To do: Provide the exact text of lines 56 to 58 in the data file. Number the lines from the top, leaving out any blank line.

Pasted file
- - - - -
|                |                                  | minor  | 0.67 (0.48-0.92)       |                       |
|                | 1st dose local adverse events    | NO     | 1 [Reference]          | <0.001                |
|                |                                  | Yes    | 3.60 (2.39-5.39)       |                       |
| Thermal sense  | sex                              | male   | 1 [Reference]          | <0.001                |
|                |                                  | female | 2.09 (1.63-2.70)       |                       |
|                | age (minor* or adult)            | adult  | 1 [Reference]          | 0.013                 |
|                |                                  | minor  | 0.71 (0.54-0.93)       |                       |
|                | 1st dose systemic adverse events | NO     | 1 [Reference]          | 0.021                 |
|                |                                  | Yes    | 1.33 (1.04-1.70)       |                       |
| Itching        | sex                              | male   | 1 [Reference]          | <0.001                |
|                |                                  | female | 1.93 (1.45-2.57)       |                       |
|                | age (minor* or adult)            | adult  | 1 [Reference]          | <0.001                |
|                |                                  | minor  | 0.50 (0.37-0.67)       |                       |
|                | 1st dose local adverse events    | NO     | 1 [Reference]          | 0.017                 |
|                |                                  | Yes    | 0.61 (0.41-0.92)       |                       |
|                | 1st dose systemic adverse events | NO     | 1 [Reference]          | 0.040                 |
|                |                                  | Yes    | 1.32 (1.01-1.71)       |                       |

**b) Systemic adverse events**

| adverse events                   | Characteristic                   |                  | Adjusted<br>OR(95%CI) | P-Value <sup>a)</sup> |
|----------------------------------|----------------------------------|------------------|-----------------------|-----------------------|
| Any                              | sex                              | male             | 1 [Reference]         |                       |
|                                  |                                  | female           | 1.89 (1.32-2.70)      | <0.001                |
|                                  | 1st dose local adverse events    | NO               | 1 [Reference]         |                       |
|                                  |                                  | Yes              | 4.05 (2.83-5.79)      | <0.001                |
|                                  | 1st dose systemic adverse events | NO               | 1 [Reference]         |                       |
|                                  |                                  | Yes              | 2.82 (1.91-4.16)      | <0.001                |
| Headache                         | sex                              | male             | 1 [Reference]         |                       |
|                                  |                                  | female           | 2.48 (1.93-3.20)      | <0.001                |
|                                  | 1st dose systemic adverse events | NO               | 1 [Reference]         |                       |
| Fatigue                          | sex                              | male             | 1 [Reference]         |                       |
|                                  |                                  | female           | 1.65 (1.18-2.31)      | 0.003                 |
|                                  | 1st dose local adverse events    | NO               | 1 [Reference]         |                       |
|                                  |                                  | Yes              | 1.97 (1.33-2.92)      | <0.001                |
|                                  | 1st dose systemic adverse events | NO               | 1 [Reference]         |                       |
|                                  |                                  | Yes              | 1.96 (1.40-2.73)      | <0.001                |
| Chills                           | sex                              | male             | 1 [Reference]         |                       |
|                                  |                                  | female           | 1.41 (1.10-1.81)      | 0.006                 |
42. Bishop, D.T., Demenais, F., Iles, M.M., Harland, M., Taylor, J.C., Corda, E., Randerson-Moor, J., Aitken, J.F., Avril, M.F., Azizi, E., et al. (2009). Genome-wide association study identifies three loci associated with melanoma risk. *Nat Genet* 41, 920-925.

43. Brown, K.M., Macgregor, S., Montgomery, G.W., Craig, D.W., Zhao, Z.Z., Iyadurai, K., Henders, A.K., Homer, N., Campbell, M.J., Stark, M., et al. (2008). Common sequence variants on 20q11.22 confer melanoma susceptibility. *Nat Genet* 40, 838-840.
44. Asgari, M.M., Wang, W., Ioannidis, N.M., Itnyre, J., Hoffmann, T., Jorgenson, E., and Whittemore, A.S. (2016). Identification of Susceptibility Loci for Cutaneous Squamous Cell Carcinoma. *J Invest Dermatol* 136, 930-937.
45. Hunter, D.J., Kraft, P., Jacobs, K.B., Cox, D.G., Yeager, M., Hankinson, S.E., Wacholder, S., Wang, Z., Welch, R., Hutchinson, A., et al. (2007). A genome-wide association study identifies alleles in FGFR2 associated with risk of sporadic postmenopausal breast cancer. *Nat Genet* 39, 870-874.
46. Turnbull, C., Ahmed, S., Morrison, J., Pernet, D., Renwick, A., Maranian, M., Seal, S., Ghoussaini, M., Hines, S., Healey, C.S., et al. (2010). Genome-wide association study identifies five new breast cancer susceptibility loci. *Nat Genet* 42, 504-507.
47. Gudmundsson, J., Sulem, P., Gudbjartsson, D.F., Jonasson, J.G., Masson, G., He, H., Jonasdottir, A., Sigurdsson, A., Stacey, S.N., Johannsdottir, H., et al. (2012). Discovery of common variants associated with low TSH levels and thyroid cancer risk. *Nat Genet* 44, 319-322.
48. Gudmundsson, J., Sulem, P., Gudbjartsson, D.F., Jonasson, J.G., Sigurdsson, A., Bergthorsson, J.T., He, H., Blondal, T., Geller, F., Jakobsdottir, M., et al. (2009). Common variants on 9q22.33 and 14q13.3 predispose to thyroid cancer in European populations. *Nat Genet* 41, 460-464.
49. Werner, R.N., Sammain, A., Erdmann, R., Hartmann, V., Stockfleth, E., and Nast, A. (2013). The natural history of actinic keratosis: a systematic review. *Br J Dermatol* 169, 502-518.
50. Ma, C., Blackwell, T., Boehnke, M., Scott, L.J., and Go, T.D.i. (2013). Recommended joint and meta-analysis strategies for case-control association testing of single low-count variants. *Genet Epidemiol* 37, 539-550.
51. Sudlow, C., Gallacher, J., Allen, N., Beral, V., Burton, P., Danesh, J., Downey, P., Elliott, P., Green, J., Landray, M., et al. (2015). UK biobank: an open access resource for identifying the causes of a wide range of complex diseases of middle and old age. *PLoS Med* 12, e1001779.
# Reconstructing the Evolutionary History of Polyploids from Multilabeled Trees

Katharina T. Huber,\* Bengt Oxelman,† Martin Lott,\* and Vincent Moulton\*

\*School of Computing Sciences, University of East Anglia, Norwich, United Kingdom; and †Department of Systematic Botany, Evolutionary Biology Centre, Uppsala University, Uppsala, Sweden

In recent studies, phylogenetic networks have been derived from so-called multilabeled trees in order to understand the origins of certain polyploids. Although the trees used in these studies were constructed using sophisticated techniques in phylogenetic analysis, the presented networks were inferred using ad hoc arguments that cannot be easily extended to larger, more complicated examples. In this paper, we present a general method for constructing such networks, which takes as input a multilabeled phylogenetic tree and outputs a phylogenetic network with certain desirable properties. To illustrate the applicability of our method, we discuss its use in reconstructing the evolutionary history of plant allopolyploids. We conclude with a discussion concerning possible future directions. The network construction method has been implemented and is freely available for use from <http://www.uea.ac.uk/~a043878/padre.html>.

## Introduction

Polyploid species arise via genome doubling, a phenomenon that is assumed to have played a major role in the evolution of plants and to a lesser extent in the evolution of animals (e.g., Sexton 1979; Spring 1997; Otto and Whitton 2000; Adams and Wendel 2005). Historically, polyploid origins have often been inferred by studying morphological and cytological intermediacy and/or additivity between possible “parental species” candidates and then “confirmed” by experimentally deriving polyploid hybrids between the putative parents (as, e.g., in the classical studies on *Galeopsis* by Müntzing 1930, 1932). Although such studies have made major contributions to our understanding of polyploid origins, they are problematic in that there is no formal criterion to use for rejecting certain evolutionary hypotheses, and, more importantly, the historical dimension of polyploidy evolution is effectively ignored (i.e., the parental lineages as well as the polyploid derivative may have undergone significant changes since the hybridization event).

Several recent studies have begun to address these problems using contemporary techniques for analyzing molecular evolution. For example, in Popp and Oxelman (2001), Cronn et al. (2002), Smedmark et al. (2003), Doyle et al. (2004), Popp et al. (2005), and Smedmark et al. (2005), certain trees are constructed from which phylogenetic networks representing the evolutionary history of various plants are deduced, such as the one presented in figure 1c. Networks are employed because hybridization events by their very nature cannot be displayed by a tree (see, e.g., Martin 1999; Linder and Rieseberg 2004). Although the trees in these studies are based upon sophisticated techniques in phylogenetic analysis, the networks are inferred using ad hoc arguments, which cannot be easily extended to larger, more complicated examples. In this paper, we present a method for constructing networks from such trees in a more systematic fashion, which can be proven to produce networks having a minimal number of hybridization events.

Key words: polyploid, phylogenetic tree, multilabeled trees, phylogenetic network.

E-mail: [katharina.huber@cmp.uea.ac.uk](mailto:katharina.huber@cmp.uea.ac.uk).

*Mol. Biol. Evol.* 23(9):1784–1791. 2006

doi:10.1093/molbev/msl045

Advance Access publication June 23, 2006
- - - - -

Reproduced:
E-mail: [katharina.huber@cmp.uea.ac.uk](mailto:katharina.huber@cmp.uea.ac.uk).

*Mol. Biol. Evol.* 23(9):1784–1791. 2006

doi:10.1093/molbev/msl045